500 Questions: Salary & Benefits, Part Two

We have received many candidates for this position and it will take time to sort through them. Based on salary alone, what is your bottom line?

Affirm to the employer that you can certainly understand why many people would be attracted to the position. Redefine your own qualifications in terms of your unique qualities and skills. Recap the benefits you offer to the company. Then, discuss the additional compensations that are part of the package you would consider.

You certainly seem to have what it takes to fit in with our company. What would it take to bring you here?

The time to negotiate is at hand. Your potential employer has indicated their interest in you as a top candidate for the position. Reassure them that you have the skills, enthusiasm, experience, and desire to do the job. Indicate how you believe you can produce more value for the company and describe your capabilities in terms of the value they can provide the organization. Then be prepared to negotiate. Your willingness and ability to negotiate for yourself demonstrate your personal effectiveness.

We can only offer you $30,000 at this time. Is that acceptable to you?

You don’t usually have to accept the first offer a company makes, whatever it is. In most cases you can improve the existing offer in a number of ways. Be ready with three figures (in your mind): a minimum, a realistic midpoint desired salary, and a dream salary. Find a starting point that gives you every advantage and negotiate from there.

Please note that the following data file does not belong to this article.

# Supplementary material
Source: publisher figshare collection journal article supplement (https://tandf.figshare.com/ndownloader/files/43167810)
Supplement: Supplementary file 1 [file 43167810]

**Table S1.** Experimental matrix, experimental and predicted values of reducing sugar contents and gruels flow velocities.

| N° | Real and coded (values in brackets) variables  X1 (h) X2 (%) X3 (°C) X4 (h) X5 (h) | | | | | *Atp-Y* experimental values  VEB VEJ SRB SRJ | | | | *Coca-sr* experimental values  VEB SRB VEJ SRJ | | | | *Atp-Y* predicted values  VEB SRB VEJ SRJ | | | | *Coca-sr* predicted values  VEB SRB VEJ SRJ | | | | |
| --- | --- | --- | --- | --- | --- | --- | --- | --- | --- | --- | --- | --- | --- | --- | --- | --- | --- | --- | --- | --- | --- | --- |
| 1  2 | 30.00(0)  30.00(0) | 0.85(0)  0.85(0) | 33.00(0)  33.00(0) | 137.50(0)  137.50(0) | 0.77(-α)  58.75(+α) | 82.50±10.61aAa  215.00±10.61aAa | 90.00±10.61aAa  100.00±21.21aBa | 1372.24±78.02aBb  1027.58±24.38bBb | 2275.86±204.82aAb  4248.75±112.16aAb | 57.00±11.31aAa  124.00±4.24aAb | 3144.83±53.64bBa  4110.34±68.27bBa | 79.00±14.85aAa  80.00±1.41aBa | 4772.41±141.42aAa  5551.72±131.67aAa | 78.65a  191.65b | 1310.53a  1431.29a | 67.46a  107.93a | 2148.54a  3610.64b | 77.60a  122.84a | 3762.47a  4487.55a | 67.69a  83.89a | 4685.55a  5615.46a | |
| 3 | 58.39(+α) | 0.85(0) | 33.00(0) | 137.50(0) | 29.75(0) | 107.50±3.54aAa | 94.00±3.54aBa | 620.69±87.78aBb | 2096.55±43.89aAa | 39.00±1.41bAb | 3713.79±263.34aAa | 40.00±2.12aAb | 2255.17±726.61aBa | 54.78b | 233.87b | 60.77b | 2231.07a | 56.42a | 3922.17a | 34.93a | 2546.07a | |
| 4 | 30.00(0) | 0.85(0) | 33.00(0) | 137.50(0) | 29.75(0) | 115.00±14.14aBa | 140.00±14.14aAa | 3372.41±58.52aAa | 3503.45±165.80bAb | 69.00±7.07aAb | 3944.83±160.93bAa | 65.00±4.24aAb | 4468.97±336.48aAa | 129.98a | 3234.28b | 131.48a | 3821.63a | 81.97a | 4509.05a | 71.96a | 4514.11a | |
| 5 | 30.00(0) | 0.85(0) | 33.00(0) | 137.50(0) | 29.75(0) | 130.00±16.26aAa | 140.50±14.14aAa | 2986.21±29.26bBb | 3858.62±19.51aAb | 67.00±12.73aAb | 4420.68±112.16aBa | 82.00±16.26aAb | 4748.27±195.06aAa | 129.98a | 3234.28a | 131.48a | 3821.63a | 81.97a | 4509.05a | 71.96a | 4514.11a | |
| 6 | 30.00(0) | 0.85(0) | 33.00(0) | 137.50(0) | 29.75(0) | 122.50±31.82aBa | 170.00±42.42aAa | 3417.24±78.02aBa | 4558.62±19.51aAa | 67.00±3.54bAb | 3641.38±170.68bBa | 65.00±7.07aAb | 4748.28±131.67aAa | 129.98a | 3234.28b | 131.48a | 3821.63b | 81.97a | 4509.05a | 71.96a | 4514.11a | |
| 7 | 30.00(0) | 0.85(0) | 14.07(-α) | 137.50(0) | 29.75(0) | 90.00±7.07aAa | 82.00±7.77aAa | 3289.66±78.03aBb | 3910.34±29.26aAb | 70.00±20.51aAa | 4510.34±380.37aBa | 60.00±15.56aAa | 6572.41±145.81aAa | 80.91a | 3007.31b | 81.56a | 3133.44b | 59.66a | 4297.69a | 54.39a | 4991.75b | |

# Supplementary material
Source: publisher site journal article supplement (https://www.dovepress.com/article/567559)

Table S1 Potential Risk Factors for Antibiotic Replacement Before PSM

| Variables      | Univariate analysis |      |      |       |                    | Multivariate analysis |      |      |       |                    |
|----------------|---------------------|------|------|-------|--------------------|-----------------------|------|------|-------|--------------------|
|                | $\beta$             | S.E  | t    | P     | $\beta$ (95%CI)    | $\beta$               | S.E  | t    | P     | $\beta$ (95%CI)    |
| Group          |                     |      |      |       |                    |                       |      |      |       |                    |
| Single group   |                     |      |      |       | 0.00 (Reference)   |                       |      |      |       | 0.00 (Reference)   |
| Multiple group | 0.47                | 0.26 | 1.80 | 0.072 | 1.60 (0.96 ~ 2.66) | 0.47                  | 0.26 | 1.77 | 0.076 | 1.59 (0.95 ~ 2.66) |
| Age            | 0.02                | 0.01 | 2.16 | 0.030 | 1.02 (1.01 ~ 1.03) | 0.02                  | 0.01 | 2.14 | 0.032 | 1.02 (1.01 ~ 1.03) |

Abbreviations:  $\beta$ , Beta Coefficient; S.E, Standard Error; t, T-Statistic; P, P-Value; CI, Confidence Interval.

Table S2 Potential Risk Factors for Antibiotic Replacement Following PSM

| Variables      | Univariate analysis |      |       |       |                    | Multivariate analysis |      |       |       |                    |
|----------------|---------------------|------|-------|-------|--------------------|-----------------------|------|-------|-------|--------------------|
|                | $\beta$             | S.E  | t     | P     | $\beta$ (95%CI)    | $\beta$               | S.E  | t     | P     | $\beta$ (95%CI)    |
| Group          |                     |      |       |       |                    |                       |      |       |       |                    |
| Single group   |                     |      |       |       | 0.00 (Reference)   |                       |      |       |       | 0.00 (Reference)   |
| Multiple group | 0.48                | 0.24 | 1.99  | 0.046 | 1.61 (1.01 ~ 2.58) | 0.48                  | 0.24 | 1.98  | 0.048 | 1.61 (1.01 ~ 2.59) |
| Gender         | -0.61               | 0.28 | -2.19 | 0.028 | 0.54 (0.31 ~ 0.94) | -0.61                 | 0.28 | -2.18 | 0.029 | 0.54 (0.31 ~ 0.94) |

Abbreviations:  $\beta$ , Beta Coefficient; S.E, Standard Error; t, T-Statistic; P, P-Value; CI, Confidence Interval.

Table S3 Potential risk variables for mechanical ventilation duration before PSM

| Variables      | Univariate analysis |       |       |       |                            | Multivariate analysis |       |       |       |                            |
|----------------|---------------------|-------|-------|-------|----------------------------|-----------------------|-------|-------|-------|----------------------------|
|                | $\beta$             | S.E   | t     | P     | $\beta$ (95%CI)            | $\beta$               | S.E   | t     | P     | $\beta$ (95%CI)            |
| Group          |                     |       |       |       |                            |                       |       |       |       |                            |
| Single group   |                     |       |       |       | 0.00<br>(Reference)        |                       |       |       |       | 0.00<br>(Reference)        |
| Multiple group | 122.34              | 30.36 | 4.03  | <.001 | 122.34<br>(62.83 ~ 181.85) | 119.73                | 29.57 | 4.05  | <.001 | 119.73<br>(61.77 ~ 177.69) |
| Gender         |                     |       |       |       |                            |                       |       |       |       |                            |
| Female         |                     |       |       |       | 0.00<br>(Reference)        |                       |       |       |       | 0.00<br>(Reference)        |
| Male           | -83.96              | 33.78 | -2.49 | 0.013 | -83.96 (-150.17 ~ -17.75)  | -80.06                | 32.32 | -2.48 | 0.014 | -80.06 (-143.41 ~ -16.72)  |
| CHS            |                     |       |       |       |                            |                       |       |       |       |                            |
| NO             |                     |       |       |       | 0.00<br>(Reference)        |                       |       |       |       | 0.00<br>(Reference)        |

What is your ultimate salary requirement?

Be prepared to state your worth based on experience, knowledge, skills, and track record. Talk about the results you know that you can produce for the employer. Even if the interviewer tries pressuring you, avoid naming a specific figure early in the interviewer “game”.

Your salary expectation is higher than what we had planned, would you take a lower salary?

An organization will try to recruit you at what they have determined is competitive and fair. If you really want the position and there is a good fit and good opportunities, consider taking it. However, you might also try to ask about methods for you to achieve the salary that you prefer.

We believe that our employees should start at a lower salary and earn additional compensation once they have proven their worth.

Reassure the interviewer that you think this is an admirable policy and are more than willing to prove your worth to the company. Follow up by asking what the normal time limitations are for periodic reviews.

Would you be willing to intern for a couple of months before we hire you as a full-time employee?

You usually won’t come across this question unless internships are a normal process in the industry for which you are interviewing. Be prepared, if that is the case, to discuss your requirements honestly and succinctly.

What if we offered you a lower starting salary with opportunity for a significant raise in six months based on your performance?

This is a personal decision that only you are in a position to consider. You know your own limitations. Try not to act desperate; review the lower salary with dispassion and clarity. Take the time to think through each offer thoroughly.